NCCN Guidelines for Patients® | Esophageal Cancer - page 34

NCCN Guidelines for Patients
: Esophageal Cancer
Version 1.2013
Part 4: Overview of cancer treatments
Radiation therapy is likely to cause changes in your
skin. Your treated skin will look and feel as if it has
been sunburned. It will likely become red and may
also become dry, sore, and feel painful when touched.
You may have pain in your throat, stomach, or intestine.
Other reactions may include trouble swallowing,
extreme tiredness despite sleep, and loss of appetite.
Treatment side effects
Side effects are unhealthy or unpleasant physical
or emotional conditions caused by cancer
treatment. Each treatment for esophageal cancer
can cause side effects, but how your body will
respond can’t be fully known. You may have
different side effects than someone else.
Some side effects of treatment are listed in this
booklet. Please ask your treatment team for a list
of all common and rare side effects. If a side effect
bothers you, tell your treatment team. There may
be ways to help you feel better.
4.4 Chemotherapy
Chemotherapy, or ‘chemo,’ is the use of drugs to treat
cancer. Cell growth is stopped by damaging DNA
cid) in cells or disrupting the making
of DNA. Chemotherapy doesn’t work on cells in a resting
phase. Since cancer cells grow fast, chemotherapy can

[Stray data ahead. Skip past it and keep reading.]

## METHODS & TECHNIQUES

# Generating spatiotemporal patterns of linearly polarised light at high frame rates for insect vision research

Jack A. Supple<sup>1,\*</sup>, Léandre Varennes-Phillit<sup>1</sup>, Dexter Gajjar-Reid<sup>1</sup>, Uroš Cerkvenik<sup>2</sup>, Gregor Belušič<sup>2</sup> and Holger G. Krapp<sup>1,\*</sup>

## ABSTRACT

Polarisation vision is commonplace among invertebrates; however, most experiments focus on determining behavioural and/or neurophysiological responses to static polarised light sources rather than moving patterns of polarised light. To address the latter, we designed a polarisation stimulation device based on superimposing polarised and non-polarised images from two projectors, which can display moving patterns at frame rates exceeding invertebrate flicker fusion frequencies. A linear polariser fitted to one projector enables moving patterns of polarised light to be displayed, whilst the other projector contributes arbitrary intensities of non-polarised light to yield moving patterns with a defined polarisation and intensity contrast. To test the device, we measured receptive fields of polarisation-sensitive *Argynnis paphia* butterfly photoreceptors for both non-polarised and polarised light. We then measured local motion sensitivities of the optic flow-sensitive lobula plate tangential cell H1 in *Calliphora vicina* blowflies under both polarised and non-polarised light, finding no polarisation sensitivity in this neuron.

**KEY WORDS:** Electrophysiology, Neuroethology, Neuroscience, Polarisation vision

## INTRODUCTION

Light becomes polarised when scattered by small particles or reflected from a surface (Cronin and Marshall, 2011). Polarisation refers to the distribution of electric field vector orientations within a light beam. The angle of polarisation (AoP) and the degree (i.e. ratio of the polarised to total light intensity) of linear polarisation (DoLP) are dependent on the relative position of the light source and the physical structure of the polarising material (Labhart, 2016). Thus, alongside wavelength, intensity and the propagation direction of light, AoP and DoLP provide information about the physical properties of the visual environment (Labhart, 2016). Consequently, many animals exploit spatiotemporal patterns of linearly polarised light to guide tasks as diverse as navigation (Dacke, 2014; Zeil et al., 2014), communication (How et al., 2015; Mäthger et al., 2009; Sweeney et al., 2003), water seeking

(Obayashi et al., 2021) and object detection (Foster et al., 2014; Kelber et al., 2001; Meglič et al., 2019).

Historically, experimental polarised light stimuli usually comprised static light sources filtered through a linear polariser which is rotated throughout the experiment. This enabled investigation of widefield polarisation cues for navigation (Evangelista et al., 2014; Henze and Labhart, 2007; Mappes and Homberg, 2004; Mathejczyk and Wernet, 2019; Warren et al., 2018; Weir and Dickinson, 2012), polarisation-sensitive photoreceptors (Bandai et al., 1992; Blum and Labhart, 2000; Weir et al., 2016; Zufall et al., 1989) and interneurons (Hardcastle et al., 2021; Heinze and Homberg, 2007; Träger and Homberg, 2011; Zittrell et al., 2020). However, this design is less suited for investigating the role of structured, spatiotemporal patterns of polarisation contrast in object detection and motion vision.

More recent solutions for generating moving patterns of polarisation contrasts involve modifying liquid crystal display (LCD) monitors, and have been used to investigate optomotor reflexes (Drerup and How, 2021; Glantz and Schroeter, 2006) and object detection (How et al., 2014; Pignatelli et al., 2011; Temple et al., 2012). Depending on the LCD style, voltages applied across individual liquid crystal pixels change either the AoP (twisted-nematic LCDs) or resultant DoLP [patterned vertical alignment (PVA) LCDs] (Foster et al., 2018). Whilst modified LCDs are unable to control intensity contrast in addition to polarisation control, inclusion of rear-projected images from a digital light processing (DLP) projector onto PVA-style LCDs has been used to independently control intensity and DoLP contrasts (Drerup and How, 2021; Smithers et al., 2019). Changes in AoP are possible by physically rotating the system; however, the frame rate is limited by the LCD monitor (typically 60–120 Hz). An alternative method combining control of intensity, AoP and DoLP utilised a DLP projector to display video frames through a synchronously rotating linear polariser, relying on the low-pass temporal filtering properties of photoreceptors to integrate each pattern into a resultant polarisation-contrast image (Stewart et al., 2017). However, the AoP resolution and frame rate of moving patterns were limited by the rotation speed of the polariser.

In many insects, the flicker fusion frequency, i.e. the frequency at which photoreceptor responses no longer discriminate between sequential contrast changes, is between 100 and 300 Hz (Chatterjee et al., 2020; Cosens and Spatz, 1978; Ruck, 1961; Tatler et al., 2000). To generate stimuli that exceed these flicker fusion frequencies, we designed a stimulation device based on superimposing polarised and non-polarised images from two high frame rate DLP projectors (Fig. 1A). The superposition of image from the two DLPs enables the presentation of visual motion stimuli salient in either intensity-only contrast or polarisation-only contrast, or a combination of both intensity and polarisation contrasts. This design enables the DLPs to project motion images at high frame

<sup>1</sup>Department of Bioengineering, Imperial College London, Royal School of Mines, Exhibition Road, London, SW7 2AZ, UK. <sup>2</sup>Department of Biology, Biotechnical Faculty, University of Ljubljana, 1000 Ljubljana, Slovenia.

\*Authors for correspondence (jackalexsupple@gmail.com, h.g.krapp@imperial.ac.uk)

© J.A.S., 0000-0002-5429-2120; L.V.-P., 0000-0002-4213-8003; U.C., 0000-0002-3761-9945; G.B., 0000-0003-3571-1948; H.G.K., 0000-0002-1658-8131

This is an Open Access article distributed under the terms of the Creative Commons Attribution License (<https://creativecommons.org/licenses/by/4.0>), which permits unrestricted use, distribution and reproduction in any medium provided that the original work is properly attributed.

stop new cancer cells from being made.
Chemotherapy is given alone or sometimes with
radiation therapy to treat esophageal cancer. When only
one drug is used, it is called a single agent. However,
chemotherapy drugs differ in the way they work, so often
more than one drug is used. A combination regimen
is the use of two or more chemotherapy drugs. The
chemotherapy drugs used for esophageal cancer are
listed in Table 2.
Most chemotherapy drugs for esophageal cancer are
liquids that are slowly injected into a vein. Some are a pill
that is swallowed. The drugs travel in the bloodstream to
treat cancer throughout the body.
Chemotherapy is given in cycles of treatment days
followed by days of rest. This allows the body to recover
before the next cycle. Cycles vary in length depending
on which drugs are used. Often, a cycle is 14, 21, or 28
days long.
The reactions to chemotherapy differ. Some people have
many side effects. Others have few. Some side effects
can be very serious, while others can be unpleasant but
not serious. Side effects of chemotherapy depend on
the drug type, amount taken, length of treatment, and
the person. In general, side effects are caused by the
death of fast-growing cells. These cells are found in the
gut, mouth, and blood. Thus, common side effects of
chemotherapy include low blood cell counts, not feeling
hungry, nausea, vomiting, diarrhea, hair loss, and mouth
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